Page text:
PK knows a hit when he sees one. A former business major at the University of Southern California, the lanky 28-year-old parlayed his degree into the rap game, managing famed San Jose producer Traxamillion, self-proclaimed "mixtape kings" the Demolition Men, and most notably, a popular East Bay rapper named the Jacka — whose name derives from his talent for robbing and burglarizing. Over the years, PK's company, Golden Mean Management & Music, LLC, has become a staple in the East Bay hip-hop scene, known for working with hardcore-but-commercially-viable turf artists. Only recently did PK set his sights on a genre he never thought he'd touch: tender, feminine R&B.
Specifically, he found a young woman named Netta Brielle, whose pink nail polish and girlish giggle belied her grit and hustle. Brielle, who goes by the alias Netta B, was studying musical theater at San Jose State University at the time she first encountered PK. Both were recording music at 17 Hertz Studio in Hayward. Netta came during the hours that she wasn't in class or working one of several part-time jobs. She used her financial aid money to bankroll a mixtape.
"We were open to doing something else but we weren't even really bringing in other artists," PK said. Nonetheless, he was charmed by Netta B, and thought he saw real commercial potential in her music. After all, R&B all but took over "urban music" in the past few years, with hooky ballads supplanting rap songs on most hip-hop radio stations. Even harder, street-oriented rappers like the Jacka tend to sing, rather than speak their lyrics. Given the genre's popularity and the apparent dearth of celebrity R&B artists in the East Bay, PK thought Netta would be an easy sale. "Actually," he said in retrospect, "I was absolutely wrong."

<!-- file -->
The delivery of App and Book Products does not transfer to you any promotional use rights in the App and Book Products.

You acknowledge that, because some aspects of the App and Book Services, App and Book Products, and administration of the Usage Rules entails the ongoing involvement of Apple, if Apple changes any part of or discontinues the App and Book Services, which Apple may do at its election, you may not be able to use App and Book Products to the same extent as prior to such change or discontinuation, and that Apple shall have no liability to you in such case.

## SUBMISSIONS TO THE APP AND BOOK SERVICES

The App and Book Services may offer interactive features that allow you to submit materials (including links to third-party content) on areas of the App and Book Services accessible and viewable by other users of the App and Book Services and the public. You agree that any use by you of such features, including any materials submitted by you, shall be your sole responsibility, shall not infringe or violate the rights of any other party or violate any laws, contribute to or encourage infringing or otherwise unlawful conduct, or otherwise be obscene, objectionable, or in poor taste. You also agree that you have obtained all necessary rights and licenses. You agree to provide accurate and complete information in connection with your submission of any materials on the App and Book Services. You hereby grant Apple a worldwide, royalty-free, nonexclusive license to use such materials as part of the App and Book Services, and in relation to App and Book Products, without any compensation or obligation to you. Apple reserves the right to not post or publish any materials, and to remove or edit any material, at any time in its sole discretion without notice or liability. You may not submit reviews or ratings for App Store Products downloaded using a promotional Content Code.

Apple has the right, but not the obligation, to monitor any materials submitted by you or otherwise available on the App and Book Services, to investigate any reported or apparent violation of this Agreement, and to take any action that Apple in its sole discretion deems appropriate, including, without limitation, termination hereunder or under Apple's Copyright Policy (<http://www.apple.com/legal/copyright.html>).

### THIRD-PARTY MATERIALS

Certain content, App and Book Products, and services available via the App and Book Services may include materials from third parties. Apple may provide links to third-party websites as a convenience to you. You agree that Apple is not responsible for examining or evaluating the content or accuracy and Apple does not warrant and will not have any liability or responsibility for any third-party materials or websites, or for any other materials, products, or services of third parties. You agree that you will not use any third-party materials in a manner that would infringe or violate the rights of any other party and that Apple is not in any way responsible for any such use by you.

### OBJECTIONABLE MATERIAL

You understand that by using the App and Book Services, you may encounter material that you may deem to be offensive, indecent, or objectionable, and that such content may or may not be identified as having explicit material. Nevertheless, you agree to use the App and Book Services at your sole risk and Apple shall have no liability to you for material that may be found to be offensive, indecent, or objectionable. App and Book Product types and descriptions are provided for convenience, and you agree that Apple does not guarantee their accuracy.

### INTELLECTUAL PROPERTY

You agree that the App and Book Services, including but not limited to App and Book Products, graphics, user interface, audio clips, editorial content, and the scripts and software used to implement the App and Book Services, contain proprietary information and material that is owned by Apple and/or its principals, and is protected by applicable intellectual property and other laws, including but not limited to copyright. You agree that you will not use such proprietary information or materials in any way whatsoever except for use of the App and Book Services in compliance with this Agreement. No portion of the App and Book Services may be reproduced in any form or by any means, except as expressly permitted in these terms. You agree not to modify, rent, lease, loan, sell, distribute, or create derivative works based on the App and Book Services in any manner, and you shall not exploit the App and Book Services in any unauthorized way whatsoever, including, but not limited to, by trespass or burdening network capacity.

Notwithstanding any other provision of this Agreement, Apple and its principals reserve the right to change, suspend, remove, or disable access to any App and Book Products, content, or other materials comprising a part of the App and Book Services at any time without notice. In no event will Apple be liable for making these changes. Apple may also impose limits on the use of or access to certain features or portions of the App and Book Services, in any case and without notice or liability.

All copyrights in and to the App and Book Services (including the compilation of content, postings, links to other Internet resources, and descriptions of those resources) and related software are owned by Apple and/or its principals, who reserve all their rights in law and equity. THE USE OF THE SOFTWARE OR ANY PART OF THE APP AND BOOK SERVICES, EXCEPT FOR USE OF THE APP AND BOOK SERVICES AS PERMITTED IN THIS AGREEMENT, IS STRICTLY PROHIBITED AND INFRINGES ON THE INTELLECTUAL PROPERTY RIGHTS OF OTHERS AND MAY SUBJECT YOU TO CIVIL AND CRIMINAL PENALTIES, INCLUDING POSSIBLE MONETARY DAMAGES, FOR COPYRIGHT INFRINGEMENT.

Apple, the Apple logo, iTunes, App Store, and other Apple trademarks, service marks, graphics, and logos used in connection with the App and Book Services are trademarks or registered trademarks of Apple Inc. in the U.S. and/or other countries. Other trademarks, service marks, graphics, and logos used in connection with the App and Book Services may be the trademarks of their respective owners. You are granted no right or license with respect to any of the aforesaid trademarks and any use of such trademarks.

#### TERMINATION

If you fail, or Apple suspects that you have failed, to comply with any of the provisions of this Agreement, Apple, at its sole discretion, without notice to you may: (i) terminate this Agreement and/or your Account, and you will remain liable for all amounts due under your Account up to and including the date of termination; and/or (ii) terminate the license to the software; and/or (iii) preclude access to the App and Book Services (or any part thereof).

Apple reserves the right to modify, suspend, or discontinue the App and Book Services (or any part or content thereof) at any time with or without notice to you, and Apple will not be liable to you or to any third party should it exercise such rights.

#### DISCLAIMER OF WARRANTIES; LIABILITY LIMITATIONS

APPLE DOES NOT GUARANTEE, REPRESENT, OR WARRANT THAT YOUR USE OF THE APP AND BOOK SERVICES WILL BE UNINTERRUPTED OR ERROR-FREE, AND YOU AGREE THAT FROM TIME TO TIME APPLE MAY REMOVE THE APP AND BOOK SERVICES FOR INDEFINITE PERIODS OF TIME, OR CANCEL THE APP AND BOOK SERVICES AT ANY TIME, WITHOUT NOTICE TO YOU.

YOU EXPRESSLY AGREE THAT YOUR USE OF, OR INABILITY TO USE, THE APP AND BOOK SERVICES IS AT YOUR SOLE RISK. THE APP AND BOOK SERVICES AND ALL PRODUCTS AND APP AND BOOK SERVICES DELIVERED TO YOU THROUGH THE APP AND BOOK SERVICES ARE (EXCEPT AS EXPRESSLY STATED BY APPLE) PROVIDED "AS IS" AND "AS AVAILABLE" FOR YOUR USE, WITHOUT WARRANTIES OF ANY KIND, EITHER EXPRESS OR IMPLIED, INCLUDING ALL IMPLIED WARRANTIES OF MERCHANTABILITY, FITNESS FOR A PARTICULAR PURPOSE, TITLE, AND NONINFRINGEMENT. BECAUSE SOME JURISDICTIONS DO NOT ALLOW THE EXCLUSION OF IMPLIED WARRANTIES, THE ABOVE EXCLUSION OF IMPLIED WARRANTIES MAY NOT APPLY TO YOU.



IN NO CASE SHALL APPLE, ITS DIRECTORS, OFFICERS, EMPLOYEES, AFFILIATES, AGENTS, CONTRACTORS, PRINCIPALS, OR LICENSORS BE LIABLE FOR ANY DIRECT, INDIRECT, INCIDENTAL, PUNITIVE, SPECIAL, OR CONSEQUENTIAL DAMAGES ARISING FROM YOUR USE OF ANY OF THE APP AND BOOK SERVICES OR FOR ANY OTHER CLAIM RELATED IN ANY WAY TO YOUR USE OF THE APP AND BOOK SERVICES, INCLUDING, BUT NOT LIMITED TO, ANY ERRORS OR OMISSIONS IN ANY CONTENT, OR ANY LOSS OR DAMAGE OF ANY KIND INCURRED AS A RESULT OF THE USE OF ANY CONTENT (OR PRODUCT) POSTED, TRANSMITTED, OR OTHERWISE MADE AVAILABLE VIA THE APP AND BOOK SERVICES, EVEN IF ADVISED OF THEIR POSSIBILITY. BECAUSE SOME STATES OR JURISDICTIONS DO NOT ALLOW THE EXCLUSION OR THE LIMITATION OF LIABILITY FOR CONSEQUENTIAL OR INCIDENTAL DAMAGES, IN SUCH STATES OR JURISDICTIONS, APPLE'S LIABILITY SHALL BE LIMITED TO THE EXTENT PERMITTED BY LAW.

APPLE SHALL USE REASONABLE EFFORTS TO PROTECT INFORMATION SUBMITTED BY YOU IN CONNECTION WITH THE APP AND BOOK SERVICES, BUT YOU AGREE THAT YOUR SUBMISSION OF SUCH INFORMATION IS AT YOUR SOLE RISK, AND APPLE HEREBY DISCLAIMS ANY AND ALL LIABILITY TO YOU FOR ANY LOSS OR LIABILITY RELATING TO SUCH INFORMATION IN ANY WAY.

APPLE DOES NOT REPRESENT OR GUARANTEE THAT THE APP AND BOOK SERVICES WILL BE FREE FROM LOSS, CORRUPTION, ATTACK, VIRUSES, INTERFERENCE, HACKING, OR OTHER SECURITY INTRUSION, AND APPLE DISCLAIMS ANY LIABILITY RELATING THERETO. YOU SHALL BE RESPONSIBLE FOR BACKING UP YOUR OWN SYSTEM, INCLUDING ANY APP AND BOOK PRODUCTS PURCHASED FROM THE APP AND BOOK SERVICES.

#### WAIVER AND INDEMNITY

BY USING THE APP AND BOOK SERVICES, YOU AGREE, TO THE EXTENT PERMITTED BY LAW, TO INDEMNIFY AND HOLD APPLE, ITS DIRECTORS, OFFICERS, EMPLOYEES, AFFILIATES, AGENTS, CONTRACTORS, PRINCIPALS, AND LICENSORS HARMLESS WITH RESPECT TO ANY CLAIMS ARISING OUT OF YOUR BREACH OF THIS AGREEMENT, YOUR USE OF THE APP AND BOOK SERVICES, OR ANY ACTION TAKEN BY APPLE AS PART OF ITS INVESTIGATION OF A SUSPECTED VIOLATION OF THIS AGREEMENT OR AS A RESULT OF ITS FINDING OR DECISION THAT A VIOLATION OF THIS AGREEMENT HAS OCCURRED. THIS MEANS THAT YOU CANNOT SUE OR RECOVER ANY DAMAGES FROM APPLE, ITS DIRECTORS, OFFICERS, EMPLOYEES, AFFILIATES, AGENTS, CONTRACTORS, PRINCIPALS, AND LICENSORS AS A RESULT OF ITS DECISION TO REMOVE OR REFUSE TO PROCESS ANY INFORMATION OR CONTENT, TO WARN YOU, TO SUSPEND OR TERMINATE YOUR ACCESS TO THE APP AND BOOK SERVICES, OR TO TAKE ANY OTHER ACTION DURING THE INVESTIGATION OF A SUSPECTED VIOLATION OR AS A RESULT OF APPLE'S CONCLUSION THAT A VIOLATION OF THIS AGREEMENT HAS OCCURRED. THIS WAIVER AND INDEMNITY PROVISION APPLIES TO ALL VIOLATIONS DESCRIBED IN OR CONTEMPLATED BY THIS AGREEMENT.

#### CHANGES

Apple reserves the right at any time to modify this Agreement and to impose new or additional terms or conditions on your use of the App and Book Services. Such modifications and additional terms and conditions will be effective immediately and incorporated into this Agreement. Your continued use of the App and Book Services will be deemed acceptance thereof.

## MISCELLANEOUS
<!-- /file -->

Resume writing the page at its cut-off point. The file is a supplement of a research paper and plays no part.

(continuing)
Indeed, they made a bit of an odd couple. Pretty, bird-like Netta oscillates between two poles: Sometimes she's sweet and well mannered, other times she's fresh and tarty. The singer grew up on Ward Street in Berkeley — the middle child in a family of female exhibitionists. Her older sister was an aspiring singer who later switched to accounting, her younger sister was a rebel who wound up getting shot on the Berkeley/North Oakland border. Netta's mother was a doting single parent who ensured that her daughters got a well-rounded fine-arts training during their formative years.
Thus, Netta started developing her résumé at a pretty young age. As a young girl she played Zonia Loomis in an early Berkeley Rep production of Joe Turner's Come and Gone, and cameoed in movies like Mrs. Doubtfire. At age six, she danced onstage with MC Hammer at the Oakland Coliseum. (Hammer and Netta's mother got their hair done at the same Oakland salon.) In fourth grade she learned to play flute and joined the school band. In sixth grade she met and rapped for Tupac Shakur in a San Leandro Hotel (an event significant enough that Netta still highlights it in her CV). In high school she earned a full scholarship to American Conservatory Theater in San Francisco, and kept advancing her theater career while singing and dancing at school talent shows.